3 Factoring Trinomials: x 2 + bx + c (coefficient of 1 on the x 2 ) When you multiply two binomials (using the FOIL method), the terms add up like this: (x+3)(x+5) = x 2 + 5x + 3x + 15 = x 2 + 8x + 15 Notice that the last term in the trinomial is the product of the last terms in the binomials (15 = 3 5). Now notice that the numerical part of the middle term in the trinomial is the sum of the last terms in the binomials (8 = 3 + 5). IF THE TRINOMIAL IS FACTORABLE, THIS IS ALWAYS TRUE. (Important! this is true only if the x 2 term is multiplied only by 1.) Using this information, if you have a trinomial with no common factors, you can do a trialanderror way of factoring. Always check and take out any common factors first! Example 4: Factor x x + 16 Step 1. The last term is +16. The numerical part of the middle term is +10. List possible factors of the last term: +16 = Step 2. Test pairs of factors by adding them together = = 17 Does any set of factors add up to the middle term of +10? 2+8 = = 10 We have a winner! 4+4 = = 8 Step 3. We can now write x x + 16 as (x+2)(x+8). Step 4. Check your factoring by doing the multiplication: (x+2)(x+8) = x 2 + 8x + 2x + 16 = x x + 16 Notice that I could have gotten +16 by multiplying two positive numbers together or by multiplying two negative numbers together, but only the positive factors added up to +10. Here s some rulesofthumb to figure out the signs in the binomial factors. Last term positive x x + 16 (x + 2)(x + 8) Middle term positive the signs in both factors are positive pos pos pos pos Last term positive x 210x + 16 (x  2)(x  8) Middle term negative the signs in both factors are negative: neg pos neg neg (2)(8) = = 10 Department of Mathematics, Sinclair Community College, Dayton, OH 3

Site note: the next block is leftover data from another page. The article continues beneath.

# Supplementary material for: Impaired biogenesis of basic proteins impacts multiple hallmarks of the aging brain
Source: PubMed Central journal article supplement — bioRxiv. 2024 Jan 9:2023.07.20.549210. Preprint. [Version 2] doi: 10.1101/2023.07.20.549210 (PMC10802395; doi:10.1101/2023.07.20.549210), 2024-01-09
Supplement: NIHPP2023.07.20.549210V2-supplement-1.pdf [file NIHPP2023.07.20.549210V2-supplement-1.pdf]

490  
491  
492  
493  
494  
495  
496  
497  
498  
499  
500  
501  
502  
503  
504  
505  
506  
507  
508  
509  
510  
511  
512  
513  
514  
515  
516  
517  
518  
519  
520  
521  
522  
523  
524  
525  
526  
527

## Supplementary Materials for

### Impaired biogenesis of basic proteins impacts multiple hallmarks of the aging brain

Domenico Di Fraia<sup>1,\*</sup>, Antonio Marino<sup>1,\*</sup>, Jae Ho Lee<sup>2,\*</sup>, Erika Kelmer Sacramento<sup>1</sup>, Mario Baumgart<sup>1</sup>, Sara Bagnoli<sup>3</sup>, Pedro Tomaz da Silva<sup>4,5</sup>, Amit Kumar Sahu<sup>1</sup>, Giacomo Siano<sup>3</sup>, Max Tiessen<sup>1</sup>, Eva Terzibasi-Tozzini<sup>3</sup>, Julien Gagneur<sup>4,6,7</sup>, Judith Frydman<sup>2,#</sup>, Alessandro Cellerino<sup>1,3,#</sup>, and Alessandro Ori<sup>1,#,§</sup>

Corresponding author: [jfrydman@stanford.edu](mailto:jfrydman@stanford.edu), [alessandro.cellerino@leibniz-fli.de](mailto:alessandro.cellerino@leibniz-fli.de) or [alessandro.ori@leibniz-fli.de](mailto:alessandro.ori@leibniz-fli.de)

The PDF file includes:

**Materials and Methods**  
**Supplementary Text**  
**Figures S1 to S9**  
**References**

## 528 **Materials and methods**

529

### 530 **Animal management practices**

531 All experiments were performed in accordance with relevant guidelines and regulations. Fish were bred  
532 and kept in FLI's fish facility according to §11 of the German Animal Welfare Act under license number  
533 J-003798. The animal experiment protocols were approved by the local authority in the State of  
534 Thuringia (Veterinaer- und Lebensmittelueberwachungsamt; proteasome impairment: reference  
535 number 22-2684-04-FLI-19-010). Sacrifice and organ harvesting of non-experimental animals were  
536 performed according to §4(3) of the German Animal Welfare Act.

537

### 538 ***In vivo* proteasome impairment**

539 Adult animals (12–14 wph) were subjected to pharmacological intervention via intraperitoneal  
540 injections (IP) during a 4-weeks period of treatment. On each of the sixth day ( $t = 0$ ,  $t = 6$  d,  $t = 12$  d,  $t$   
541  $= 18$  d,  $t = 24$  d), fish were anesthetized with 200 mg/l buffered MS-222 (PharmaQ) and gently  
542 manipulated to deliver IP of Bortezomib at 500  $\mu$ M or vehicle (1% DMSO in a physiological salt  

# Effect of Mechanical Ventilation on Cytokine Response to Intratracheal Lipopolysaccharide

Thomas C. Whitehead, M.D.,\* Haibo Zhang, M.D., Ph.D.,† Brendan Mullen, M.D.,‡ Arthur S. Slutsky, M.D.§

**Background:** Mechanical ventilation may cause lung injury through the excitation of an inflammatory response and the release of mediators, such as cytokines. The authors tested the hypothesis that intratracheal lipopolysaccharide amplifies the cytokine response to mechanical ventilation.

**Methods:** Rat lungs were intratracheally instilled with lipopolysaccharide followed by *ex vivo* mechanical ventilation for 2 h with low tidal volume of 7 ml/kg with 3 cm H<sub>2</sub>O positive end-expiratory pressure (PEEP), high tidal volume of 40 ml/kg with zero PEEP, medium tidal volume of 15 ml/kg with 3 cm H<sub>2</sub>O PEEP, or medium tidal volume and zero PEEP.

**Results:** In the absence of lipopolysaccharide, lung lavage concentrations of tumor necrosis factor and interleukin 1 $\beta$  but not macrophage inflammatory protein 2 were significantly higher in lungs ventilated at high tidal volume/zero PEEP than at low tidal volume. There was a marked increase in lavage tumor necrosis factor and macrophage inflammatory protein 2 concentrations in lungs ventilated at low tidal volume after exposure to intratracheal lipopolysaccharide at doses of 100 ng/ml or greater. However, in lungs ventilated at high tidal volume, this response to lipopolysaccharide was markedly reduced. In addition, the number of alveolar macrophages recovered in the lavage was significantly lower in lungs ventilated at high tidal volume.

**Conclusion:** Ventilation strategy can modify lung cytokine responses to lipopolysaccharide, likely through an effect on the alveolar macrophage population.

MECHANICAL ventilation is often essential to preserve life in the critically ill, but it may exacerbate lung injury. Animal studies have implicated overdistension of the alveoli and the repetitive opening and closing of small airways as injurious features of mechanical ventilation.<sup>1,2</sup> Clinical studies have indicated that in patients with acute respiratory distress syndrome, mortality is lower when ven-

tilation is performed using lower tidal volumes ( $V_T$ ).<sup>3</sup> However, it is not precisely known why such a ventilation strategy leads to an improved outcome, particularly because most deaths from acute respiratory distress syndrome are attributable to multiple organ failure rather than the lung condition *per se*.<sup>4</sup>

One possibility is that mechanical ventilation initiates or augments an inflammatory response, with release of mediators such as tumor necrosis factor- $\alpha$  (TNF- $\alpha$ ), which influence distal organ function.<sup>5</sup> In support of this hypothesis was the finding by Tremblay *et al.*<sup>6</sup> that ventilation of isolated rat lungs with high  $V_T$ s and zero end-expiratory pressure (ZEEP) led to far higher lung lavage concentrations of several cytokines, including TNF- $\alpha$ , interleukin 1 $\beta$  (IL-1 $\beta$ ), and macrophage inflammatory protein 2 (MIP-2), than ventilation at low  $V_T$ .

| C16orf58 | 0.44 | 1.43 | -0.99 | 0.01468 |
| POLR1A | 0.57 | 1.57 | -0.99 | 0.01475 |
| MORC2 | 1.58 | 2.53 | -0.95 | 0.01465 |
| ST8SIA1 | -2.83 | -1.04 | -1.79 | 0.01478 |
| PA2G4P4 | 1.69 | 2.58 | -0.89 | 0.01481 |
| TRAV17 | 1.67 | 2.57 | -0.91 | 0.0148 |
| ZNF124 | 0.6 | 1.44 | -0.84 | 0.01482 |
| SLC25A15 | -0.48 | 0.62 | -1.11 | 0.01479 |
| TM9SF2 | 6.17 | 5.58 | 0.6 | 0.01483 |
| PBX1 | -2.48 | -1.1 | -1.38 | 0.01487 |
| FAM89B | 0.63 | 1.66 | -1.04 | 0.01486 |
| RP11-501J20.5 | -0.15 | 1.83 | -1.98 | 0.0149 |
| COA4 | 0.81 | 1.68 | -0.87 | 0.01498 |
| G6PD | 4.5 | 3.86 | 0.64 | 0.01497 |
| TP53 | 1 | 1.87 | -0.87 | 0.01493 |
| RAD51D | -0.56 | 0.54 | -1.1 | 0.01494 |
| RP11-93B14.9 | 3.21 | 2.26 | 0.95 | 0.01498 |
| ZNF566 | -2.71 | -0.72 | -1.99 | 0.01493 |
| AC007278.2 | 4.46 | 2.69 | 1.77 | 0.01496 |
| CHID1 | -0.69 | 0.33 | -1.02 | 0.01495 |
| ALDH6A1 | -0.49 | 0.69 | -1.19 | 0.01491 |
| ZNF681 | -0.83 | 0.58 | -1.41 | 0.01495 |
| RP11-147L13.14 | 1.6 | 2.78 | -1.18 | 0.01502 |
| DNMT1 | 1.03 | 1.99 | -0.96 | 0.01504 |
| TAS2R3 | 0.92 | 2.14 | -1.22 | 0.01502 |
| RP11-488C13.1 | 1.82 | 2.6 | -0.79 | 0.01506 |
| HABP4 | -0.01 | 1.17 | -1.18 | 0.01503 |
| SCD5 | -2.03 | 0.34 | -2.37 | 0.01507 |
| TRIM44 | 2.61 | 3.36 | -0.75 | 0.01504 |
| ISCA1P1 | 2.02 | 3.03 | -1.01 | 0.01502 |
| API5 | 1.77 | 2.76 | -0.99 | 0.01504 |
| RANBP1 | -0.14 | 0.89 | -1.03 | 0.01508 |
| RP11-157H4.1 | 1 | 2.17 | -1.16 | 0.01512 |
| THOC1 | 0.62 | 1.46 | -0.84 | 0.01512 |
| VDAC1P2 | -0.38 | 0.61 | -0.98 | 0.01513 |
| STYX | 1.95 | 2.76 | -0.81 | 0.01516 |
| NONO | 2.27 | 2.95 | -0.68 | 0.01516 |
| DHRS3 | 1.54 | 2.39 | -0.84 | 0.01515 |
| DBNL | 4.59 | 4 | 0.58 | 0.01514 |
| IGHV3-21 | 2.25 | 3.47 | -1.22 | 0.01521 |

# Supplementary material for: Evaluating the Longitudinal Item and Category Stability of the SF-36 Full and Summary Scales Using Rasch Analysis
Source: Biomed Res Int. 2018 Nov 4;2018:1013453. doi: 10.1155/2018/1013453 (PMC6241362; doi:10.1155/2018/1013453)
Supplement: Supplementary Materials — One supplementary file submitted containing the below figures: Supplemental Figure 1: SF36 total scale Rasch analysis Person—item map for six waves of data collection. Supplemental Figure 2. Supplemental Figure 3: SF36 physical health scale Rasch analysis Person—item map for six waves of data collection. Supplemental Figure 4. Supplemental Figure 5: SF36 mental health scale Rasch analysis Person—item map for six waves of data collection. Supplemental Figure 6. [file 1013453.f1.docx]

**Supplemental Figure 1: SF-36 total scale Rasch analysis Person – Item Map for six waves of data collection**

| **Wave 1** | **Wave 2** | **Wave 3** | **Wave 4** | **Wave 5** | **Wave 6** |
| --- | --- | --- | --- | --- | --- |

4 Last term negative x 2 + 6x  16 (x  2)(x + 8) Middle term positive the sign in the factor with the pos neg neg pos larger number will be positive and (larger number) the sign in the other factor will be negative. Last term negative x 26x  16 (x + 2)(x  8) Middle term negative the sign in the factor with the neg neg pos neg larger number will be negative and (larger number) the sign in the other factor will be positive. Factoring Trinomials: ax 2 + bx + c (coefficient of a number other than 1 on the x 2 ) What if the x 2 term in the trinomial has a coefficient other than 1 in front of it? Remember when you FOIL two binomials: (2x + 3)(3x + 4) First term First term = First term of the trinomial 2x 3x = 6x 2 Outer term Outer term + Inner term Inner term 2x 4 + 3x 3 = 8x + 9x = 17x = Middle term of the trinomial Last term Last term = Last term of the trinomial 3 4 = 12 (2x + 3)(3x + 4) = 6x x + 12 Let s look at: 9x x + 8. Now we can t just look at the factors of the last term (8) to see if they add up to 18, because that 9 in front of the x 2 is also going to be involved in calculating the middle term. One method to resolve our dilemma is trialanderror. Step 1. Factor both the 9 in the first term 9 8 and the 8 of the last term. Line up your factors next to each other The first column contains possible numbers of the first terms of the binomials that our trinomial will (hopefully) factor into. The second column contains possible numbers of the last terms of the binomials. Step 2. Picture the trinomial in factored form: (? +?)(? +?) Distribute the factors of the 9 to the first term in each binomial factor; distribute the factors of the 8 to the last term in each binomial factor. (1 + 1)(9 + 8) first terms last terms Department of Mathematics, Sinclair Community College, Dayton, OH 4